Corporations and public health: exploring the impacts of corporations on non-communicable diseases and public health policies
Arguably the greatest challenge for public health lies in reducing the contributions of tobacco use, unhealthy diet and harmful alcohol consumption to the rising global burden of non-communicable diseases. Tobacco, alcohol and food related diseases are essentially industrial epidemics.
No alcoholism or gout in pre-industrial times, then? No lung cancer is peasant societies? No "food related diseases" before capitalism (only malnutrition and starvation).
Adapting traditional public health constructs, the concept of industrial epidemic identifies the role of the host (the consumer), agent (the product), environment and, crucially, the disease vector (the corporation).
If a disease is non-communicable it cannot, by definition, have a disease vector. And if a disease is not communicable, no amount of sophistry and goalpost-shifting can disguise the fact that it is not a public health issue.
A disease that is spread by a commonly owned public source (eg. water, air) can properly be dealt with by public authorities. No one wishes to be unknowingly struck down by infection and since goods held in common ownership can only be improved by collective action, preventive measures are desirable and necessary.
However, non-infectious diseases that may or not come about as a result of private action are manifestly matters of private, not public, health. The attempt to compare private transactions between companies and consumers to germ theory is cute, but it is utterly spurious.
Although relatively well developed in the study of tobacco (in part due to the availability of internal tobacco industry documents following US litigation), analysis of the vector and its interaction with the environment has been less thoroughly researched in other areas of non-communicable disease. Nevertheless emerging work suggests a strong degree of policy coherence and learning, as well as collaboration, between alcohol, food and tobacco companies and other industries making products harmful to health and the environment. Despite this overlap, the policy responses to these different vectors vary widely. While Article 5.3 of the Framework Convention on Tobacco Control specifically seeks to prevent tobacco industry influence on policy and supply side regulations are now a key part of tobacco control, alcohol and food policies are more typically based on partnership and voluntarism and consequently focus more on individual behavior change and less on the role of industry in shaping consumption.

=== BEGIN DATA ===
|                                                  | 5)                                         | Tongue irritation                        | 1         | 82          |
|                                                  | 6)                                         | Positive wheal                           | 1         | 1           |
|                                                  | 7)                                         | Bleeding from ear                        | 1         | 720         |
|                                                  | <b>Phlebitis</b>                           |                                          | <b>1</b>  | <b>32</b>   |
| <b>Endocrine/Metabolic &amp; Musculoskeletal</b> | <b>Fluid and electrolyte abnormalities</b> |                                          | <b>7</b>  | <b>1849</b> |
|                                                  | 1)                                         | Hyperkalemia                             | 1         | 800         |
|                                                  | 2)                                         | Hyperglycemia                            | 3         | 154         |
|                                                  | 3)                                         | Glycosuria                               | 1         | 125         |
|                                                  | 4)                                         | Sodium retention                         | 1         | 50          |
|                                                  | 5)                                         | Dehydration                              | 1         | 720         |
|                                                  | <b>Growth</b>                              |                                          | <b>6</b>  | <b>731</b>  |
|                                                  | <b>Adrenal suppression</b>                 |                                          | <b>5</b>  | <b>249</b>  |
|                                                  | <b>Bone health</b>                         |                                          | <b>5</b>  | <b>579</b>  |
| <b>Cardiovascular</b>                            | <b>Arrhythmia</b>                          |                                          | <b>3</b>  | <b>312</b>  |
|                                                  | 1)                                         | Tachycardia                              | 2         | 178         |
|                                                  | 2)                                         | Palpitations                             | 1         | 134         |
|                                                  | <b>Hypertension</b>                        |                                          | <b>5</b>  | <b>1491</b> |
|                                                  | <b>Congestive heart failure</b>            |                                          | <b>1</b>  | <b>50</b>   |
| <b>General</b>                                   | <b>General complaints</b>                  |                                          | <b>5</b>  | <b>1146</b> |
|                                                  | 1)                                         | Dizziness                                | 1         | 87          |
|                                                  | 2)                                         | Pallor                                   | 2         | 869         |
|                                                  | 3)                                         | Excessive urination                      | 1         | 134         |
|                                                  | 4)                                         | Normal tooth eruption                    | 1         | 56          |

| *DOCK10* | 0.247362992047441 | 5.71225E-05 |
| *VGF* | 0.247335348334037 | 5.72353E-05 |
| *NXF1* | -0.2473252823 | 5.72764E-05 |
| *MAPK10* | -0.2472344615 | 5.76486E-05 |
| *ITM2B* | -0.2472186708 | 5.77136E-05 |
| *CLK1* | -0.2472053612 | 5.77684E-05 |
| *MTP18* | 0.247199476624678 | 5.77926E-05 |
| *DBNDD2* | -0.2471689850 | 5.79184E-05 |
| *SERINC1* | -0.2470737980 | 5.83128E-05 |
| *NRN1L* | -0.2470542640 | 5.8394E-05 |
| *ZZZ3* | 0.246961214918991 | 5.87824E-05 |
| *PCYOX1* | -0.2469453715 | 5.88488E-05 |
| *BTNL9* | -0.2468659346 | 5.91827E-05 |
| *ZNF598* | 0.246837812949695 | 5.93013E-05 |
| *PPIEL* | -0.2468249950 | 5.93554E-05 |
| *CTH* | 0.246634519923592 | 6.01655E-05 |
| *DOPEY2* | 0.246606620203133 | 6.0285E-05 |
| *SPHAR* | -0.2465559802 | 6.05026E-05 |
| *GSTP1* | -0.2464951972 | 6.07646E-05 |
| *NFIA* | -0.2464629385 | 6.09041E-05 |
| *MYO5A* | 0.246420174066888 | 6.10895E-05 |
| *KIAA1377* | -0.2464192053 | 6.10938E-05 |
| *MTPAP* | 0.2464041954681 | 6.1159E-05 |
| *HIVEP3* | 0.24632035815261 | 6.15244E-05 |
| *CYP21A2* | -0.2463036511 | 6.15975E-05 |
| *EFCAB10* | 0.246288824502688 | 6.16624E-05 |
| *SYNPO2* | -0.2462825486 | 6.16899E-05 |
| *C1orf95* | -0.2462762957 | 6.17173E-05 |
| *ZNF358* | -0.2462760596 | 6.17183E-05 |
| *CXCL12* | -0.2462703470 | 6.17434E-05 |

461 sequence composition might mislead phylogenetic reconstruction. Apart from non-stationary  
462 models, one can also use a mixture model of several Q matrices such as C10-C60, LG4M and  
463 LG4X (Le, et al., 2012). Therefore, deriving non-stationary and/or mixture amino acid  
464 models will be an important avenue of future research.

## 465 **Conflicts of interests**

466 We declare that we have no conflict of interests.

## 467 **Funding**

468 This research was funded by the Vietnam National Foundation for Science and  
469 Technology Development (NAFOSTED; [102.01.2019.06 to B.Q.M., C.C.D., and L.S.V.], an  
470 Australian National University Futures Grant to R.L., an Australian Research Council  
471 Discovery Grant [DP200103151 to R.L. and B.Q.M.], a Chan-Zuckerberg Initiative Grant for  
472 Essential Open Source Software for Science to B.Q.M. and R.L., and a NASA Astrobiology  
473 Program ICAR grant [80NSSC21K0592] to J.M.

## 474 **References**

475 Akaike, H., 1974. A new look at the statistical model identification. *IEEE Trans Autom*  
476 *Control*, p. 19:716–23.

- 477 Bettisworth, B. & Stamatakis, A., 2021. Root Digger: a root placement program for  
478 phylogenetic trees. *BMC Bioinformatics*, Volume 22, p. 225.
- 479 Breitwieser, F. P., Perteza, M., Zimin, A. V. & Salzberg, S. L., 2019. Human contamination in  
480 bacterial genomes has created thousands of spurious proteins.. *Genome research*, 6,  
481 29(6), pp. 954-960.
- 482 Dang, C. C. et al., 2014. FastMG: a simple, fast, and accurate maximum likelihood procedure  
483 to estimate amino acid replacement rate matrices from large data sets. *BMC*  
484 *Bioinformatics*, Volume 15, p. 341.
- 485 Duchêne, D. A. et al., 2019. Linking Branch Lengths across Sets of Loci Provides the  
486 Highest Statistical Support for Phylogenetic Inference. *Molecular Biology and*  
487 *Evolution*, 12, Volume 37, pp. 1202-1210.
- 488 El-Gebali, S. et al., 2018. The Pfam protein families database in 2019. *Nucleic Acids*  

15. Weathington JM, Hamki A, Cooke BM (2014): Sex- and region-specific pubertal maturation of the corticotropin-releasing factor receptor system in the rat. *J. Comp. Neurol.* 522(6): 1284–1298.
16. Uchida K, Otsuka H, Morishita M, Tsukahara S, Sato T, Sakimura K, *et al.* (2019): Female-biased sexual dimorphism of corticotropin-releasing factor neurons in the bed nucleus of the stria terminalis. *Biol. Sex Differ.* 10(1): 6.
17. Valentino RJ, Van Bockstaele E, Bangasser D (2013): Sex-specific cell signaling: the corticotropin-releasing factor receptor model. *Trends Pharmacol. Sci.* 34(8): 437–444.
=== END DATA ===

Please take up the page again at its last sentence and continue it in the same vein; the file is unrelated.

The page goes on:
But not for much longer if these people get there way. Food and alcohol industries—and their customers—should be worried.
This fellowship provides an opportunity to shape a research agenda on the influence of corporations (particularly food and alcohol companies) on health and health policy, building on existing work on tobacco already underway at the university.
No slippery slope there, then.
Applicants should upload a CV and a two-page outline of their research plans over the next 3-5 years, showing how these complement and enhance existing research within the relevant priority area.
For informal enquiries, please contact Prof Anna Gilmore email: firstname.lastname@example.org
What an opportunity to have a cosy chat with an over-promoted half-wit who thinks it is illegal for companies not to maximise profit and who can't tell basic economics from a hole in the ground. Who better to supervise a project about corporations? Good grief.
Is there any doubt about what Gilmore's new drone will conclude? "The tactics of the food and alcohol industries mirror those of the tobacco industry... blah, blah, blah..." (ie. they make products people want, market those products and sell them to willing customers—shut 'em down!)
I will leave you with the words of Christopher Hitchens, written nearly twenty years ago:
Much of this militant prohibitionism is fuelled by a stern sense that those who practice it are standing up to the big, ruthless corporations... I am, of course, as shocked as anyone else to find out that big corporations can behave unethically when it comes to research and marketing. But I have never met a smoker who began the habit under the impression it was good for the pipes, and neither have you. Anyway, try a simple thought experiment. Would great and courageous social reformers... relax their attitude one bit if I grew my own tobacco and rolled my own, handmade cigarettes? The question answers itself.